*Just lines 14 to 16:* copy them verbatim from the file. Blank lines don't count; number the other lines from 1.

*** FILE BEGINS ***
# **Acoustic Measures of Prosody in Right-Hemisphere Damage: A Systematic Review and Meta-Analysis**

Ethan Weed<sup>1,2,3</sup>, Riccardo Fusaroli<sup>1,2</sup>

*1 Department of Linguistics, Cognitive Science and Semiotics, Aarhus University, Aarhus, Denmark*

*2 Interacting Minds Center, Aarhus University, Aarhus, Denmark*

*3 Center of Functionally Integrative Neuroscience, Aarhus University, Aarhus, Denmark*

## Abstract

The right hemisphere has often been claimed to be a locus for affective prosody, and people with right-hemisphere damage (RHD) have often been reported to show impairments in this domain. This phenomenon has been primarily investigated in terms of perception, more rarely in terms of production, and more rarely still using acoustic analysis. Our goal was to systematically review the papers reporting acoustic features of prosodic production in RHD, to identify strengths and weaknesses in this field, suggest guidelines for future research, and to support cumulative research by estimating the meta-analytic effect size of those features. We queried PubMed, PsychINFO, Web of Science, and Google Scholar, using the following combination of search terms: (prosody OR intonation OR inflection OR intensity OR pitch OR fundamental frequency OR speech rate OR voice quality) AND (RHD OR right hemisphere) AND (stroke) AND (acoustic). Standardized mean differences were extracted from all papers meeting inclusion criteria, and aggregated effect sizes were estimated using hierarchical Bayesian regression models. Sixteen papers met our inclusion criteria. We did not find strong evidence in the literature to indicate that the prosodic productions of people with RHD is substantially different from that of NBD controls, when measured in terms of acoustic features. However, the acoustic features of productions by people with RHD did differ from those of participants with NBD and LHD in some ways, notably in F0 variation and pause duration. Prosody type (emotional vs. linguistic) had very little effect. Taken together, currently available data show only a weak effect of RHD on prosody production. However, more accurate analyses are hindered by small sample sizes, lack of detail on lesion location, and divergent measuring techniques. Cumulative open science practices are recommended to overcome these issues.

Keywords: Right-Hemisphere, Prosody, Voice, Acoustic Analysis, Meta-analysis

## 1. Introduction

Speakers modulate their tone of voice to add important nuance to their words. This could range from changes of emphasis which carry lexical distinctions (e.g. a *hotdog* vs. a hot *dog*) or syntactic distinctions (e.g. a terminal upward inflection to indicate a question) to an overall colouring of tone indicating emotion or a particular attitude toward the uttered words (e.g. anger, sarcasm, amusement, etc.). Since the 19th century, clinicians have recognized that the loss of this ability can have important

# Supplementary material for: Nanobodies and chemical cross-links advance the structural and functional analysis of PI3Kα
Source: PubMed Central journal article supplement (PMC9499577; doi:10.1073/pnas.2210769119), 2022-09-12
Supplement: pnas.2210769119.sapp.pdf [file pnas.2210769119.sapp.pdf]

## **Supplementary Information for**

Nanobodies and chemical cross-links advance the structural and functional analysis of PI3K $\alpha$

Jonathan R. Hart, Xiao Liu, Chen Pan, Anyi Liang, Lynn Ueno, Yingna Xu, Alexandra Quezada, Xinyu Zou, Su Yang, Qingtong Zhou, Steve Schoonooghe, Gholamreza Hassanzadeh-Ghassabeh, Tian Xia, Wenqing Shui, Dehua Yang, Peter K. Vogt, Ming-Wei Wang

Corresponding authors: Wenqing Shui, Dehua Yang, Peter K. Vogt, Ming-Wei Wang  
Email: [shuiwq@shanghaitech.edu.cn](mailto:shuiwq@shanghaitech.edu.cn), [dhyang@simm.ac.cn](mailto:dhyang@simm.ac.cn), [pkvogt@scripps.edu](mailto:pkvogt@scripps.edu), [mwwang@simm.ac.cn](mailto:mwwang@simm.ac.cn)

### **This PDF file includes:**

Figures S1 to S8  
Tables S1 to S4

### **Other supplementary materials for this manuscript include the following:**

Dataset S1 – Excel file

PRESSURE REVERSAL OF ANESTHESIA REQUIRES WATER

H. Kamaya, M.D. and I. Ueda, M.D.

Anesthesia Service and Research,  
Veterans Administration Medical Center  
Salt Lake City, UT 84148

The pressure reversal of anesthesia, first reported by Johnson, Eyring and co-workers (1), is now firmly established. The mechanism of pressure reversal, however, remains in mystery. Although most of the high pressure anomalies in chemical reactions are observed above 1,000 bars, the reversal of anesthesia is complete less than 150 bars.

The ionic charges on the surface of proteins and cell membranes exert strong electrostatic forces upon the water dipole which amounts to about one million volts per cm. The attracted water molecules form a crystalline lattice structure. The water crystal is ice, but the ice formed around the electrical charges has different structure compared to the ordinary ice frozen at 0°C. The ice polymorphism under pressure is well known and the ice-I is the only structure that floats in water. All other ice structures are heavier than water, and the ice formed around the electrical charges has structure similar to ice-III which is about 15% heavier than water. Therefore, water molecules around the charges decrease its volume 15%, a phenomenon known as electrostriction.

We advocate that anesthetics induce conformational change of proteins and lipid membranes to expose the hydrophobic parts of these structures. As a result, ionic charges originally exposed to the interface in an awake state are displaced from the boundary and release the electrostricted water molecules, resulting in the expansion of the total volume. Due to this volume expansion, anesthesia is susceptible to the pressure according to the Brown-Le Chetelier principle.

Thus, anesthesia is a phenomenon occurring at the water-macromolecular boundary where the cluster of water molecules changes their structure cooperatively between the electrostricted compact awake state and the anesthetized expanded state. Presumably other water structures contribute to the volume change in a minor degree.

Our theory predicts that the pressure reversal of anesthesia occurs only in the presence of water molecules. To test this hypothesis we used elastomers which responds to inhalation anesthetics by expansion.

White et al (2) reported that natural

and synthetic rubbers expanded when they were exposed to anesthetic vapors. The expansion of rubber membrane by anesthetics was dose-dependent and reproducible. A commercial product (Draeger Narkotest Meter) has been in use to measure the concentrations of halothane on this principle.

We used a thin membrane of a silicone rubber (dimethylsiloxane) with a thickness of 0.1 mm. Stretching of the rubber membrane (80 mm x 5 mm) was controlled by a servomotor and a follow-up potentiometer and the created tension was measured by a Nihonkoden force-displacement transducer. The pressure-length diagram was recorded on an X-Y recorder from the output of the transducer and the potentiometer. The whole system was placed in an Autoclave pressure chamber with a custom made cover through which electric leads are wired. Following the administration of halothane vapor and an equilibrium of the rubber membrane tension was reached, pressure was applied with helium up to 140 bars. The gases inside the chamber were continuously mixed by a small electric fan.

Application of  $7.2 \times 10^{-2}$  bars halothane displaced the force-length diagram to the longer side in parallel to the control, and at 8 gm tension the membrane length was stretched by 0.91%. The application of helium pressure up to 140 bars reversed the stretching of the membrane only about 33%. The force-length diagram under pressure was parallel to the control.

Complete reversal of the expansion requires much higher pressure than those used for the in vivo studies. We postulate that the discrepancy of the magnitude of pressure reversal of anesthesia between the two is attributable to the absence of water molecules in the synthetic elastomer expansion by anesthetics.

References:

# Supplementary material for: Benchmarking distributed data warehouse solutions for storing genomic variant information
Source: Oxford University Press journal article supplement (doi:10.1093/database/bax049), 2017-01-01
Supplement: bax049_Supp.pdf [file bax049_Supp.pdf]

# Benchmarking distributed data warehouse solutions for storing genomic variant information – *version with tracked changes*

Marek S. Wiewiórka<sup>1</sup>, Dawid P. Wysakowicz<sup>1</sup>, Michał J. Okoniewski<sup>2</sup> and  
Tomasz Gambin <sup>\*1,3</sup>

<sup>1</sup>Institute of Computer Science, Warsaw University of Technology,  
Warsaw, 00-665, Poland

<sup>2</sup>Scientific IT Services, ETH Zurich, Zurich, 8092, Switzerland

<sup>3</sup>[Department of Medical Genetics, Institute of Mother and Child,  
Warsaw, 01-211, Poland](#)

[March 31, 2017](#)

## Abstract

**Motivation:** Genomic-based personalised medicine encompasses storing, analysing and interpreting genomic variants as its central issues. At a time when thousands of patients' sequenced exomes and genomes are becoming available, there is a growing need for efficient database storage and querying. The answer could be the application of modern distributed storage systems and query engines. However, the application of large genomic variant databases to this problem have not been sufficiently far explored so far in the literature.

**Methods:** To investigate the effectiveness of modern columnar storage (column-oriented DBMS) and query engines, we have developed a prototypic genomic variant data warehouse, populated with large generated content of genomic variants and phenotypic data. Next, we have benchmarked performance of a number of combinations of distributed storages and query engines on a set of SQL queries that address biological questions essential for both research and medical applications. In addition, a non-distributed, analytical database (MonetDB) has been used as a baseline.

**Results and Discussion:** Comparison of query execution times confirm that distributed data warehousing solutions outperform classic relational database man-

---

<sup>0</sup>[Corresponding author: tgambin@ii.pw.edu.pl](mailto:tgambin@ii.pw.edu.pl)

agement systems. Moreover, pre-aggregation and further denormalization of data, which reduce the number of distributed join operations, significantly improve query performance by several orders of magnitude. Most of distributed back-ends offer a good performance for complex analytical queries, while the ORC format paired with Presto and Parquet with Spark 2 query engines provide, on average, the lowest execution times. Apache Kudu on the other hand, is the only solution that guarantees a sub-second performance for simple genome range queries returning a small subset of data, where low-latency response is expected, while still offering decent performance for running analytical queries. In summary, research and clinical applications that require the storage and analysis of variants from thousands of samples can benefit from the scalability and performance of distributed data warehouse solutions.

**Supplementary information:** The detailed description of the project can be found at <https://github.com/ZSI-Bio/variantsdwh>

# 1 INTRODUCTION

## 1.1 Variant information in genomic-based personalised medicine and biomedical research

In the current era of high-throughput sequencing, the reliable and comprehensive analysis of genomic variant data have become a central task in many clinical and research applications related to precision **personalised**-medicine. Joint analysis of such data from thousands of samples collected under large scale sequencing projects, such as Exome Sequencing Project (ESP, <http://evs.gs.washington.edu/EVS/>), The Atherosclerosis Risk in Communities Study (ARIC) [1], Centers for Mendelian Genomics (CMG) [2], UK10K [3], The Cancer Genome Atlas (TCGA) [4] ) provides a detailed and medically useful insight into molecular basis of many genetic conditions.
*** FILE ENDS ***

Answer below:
## **Supplementary Information for**

Nanobodies and chemical cross-links advance the structural and functional analysis of PI3K $\alpha$

Jonathan R. Hart, Xiao Liu, Chen Pan, Anyi Liang, Lynn Ueno, Yingna Xu, Alexandra Quezada, Xinyu Zou, Su Yang, Qingtong Zhou, Steve Schoonooghe, Gholamreza Hassanzadeh-Ghassabeh, Tian Xia, Wenqing Shui, Dehua Yang, Peter K. Vogt, Ming-Wei Wang